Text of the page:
So perhaps you were yelling “What’s that mean?” because you are not familiar with the concept of keeping clear. Well, in the RRS they actually define that term, albeit in English, which may not be your strongest language. It means that the right of way boat (that would be me) gets to sail my course without taking avoiding action, AND that I should be able to change my course without immediately making contact with the keep clear boat (that would be you).
At that moment, I could do neither.
So, when you kinda freaked out and put your helm over hard, I needed to turn away from you to keep YOU from hitting ME. That has a lot to do with the way a sailboat actually works. See, when you turn the wheel to go one way or the other, the boat actually pivots around what they call the “beam” of the boat. That is the wide part in the middle, near the mast. And while the pointy end (it’s called the bow) may turn away from the other boat (again, me), the end where you were standing (it’s the wide section near the wheel and is called the stern) turns TOWARDS me. Crazy, isn’t it?? So perhaps when you were shouting over and over again “What’s it mean” it was the whole physics of the thing that was flummoxing you.
Now, as clear as all this is, believe it or not it was actually more complicated, because while I was the leeward, right of way boat to you, there was another boat approaching me who was about to become the leeward right of way boat in relation to me! Yes, there are other boats out on the race course besides the two of us; hard to believe, I know! Very soon I was going to need to take avoiding action to keep clear of them. Of course, because I wasn’t looking at some other boat shouting “What’s that mean?” over and over again, I had seen this coming and anticipated this, hence the reason I had asked nicely for YOU to head up.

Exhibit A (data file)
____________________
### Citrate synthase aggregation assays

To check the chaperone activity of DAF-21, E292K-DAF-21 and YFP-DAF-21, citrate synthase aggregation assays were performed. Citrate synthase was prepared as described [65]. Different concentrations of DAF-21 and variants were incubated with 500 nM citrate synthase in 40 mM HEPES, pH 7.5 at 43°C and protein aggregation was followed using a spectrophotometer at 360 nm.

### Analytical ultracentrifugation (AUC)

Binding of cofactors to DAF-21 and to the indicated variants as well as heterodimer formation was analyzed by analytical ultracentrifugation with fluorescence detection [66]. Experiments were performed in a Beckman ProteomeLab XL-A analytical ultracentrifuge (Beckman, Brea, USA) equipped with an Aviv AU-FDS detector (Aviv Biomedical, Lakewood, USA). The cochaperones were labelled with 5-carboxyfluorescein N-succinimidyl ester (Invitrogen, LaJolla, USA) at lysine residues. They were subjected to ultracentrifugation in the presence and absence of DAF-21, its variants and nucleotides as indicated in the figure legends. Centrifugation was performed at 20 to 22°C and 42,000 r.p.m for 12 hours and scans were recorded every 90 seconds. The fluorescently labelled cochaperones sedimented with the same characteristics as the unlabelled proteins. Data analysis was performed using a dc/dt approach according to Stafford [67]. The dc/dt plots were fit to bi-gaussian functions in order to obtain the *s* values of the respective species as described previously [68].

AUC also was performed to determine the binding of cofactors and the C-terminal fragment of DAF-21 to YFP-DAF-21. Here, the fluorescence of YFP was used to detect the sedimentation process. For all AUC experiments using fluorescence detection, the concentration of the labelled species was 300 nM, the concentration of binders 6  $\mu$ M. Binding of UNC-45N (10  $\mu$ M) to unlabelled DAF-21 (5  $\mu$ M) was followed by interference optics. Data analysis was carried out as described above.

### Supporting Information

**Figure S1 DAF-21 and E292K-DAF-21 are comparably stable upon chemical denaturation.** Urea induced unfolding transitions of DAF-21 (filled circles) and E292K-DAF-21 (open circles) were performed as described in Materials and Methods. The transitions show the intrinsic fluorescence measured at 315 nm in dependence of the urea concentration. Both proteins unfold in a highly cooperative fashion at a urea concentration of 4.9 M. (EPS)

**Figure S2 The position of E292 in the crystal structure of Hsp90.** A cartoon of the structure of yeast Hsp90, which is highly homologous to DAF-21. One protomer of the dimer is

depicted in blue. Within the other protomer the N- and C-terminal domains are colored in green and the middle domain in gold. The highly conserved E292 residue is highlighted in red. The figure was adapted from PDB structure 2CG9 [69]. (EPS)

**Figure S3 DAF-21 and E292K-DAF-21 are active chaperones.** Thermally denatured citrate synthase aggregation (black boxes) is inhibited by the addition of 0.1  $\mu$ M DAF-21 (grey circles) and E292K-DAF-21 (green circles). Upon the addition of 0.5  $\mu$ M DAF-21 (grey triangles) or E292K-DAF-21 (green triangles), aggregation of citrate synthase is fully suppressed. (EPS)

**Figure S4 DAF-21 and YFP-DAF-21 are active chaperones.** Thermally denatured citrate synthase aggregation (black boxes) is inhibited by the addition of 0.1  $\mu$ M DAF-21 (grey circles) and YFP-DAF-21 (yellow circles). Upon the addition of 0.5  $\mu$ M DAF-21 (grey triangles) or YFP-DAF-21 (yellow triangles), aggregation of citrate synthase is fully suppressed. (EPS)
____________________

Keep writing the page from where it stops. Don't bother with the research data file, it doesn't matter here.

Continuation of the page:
Now, if I was a complete idiot I suppose what I would have done was use a rule (it is 60.1 in the RRS) to “Protest” you. I could have hailed “Protest” and pulled that little tab on the green pouch lashed to my backstay that has a red flag tucked into it. But while I am a bit of an idiot (ask any of my ex-girlfriends, they will tell you) I am not a TOTAL idiot. The more time I spend concentrating on you and NOT on racing my own boat, the more likely I am to lose the race to some OTHER boat, and I really hate losing races. And while I am sure you would feel a serious ego boost if I spent all that time on the water watching and focusing on you, my real focus is on going fast and winning. So I didn’t pull that flag. Instead, what I did was bide my time, waiting for the right opportunity when I could find a lane, pass you, put the hammer down (figuratively, not literally) and win the race.
Which is what I did.
So, while I may never be able to truly help you understand “What’s that mean?” I will offer you some unsolicited advice (oh goody, you say). Instead of looking backwards, yelling at a right of way boat behind you over and over and over again, look forwards, up the course, for that extra puff of wind, that little lift, the 20 degree wind shift that tells you to use the runner and not the reacher on that leg where we passed you to win the race, and I bet you will one day find out exactly “What That Means”.
On my boat, it means victory!! See you next Wednesday…
Owner, S/V Superstition